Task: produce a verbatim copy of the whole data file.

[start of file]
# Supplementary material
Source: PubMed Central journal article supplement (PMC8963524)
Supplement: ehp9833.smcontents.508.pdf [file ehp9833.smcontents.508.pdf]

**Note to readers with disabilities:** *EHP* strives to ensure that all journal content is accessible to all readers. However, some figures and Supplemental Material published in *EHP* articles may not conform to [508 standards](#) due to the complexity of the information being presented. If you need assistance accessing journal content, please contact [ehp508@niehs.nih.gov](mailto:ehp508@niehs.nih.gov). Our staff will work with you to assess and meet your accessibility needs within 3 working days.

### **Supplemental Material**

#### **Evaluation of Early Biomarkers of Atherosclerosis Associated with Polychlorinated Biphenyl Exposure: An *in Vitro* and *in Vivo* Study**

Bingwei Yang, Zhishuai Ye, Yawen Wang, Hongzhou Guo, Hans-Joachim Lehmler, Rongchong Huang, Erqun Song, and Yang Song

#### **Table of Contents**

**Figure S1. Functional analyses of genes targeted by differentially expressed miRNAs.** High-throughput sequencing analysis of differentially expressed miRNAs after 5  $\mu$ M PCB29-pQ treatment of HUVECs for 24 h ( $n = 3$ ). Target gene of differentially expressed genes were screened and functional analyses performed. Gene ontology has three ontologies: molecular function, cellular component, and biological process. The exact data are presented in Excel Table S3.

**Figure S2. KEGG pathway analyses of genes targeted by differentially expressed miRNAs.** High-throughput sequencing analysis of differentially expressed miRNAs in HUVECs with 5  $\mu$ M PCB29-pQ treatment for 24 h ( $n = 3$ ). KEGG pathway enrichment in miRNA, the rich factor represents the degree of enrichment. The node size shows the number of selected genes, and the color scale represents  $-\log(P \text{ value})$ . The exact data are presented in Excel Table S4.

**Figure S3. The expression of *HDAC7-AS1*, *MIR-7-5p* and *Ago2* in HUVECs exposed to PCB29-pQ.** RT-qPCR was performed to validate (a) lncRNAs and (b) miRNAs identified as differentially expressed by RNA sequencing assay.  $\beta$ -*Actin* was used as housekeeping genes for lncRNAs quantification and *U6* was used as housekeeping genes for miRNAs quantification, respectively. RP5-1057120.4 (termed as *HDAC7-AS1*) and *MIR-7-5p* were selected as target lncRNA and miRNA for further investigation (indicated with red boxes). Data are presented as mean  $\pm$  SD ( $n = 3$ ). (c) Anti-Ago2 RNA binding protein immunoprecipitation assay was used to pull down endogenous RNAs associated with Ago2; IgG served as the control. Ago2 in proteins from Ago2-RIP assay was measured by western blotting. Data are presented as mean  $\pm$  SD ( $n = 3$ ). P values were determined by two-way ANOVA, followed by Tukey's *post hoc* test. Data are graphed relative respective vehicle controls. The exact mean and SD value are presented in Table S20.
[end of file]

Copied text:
# Supplementary material
Source: PubMed Central journal article supplement (PMC8963524)
Supplement: ehp9833.smcontents.508.pdf [file ehp9833.smcontents.508.pdf]

**Note to readers with disabilities:** *EHP* strives to ensure that all journal content is accessible to all readers. However, some figures and Supplemental Material published in *EHP* articles may not conform to [508 standards](#) due to the complexity of the information being presented. If you need assistance accessing journal content, please contact [ehp508@niehs.nih.gov](mailto:ehp508@niehs.nih.gov). Our staff will work with you to assess and meet your accessibility needs within 3 working days.

### **Supplemental Material**

#### **Evaluation of Early Biomarkers of Atherosclerosis Associated with Polychlorinated Biphenyl Exposure: An *in Vitro* and *in Vivo* Study**

Bingwei Yang, Zhishuai Ye, Yawen Wang, Hongzhou Guo, Hans-Joachim Lehmler, Rongchong Huang, Erqun Song, and Yang Song

#### **Table of Contents**

**Figure S1. Functional analyses of genes targeted by differentially expressed miRNAs.** High-throughput sequencing analysis of differentially expressed miRNAs after 5  $\mu$ M PCB29-pQ treatment of HUVECs for 24 h ( $n = 3$ ). Target gene of differentially expressed genes were screened and functional analyses performed. Gene ontology has three ontologies: molecular function, cellular component, and biological process. The exact data are presented in Excel Table S3.

**Figure S2. KEGG pathway analyses of genes targeted by differentially expressed miRNAs.** High-throughput sequencing analysis of differentially expressed miRNAs in HUVECs with 5  $\mu$ M PCB29-pQ treatment for 24 h ( $n = 3$ ). KEGG pathway enrichment in miRNA, the rich factor represents the degree of enrichment. The node size shows the number of selected genes, and the color scale represents  $-\log(P \text{ value})$ . The exact data are presented in Excel Table S4.

**Figure S3. The expression of *HDAC7-AS1*, *MIR-7-5p* and *Ago2* in HUVECs exposed to PCB29-pQ.** RT-qPCR was performed to validate (a) lncRNAs and (b) miRNAs identified as differentially expressed by RNA sequencing assay.  $\beta$ -*Actin* was used as housekeeping genes for lncRNAs quantification and *U6* was used as housekeeping genes for miRNAs quantification, respectively. RP5-1057120.4 (termed as *HDAC7-AS1*) and *MIR-7-5p* were selected as target lncRNA and miRNA for further investigation (indicated with red boxes). Data are presented as mean  $\pm$  SD ( $n = 3$ ). (c) Anti-Ago2 RNA binding protein immunoprecipitation assay was used to pull down endogenous RNAs associated with Ago2; IgG served as the control. Ago2 in proteins from Ago2-RIP assay was measured by western blotting. Data are presented as mean  $\pm$  SD ( $n = 3$ ). P values were determined by two-way ANOVA, followed by Tukey's *post hoc* test. Data are graphed relative respective vehicle controls. The exact mean and SD value are presented in Table S20.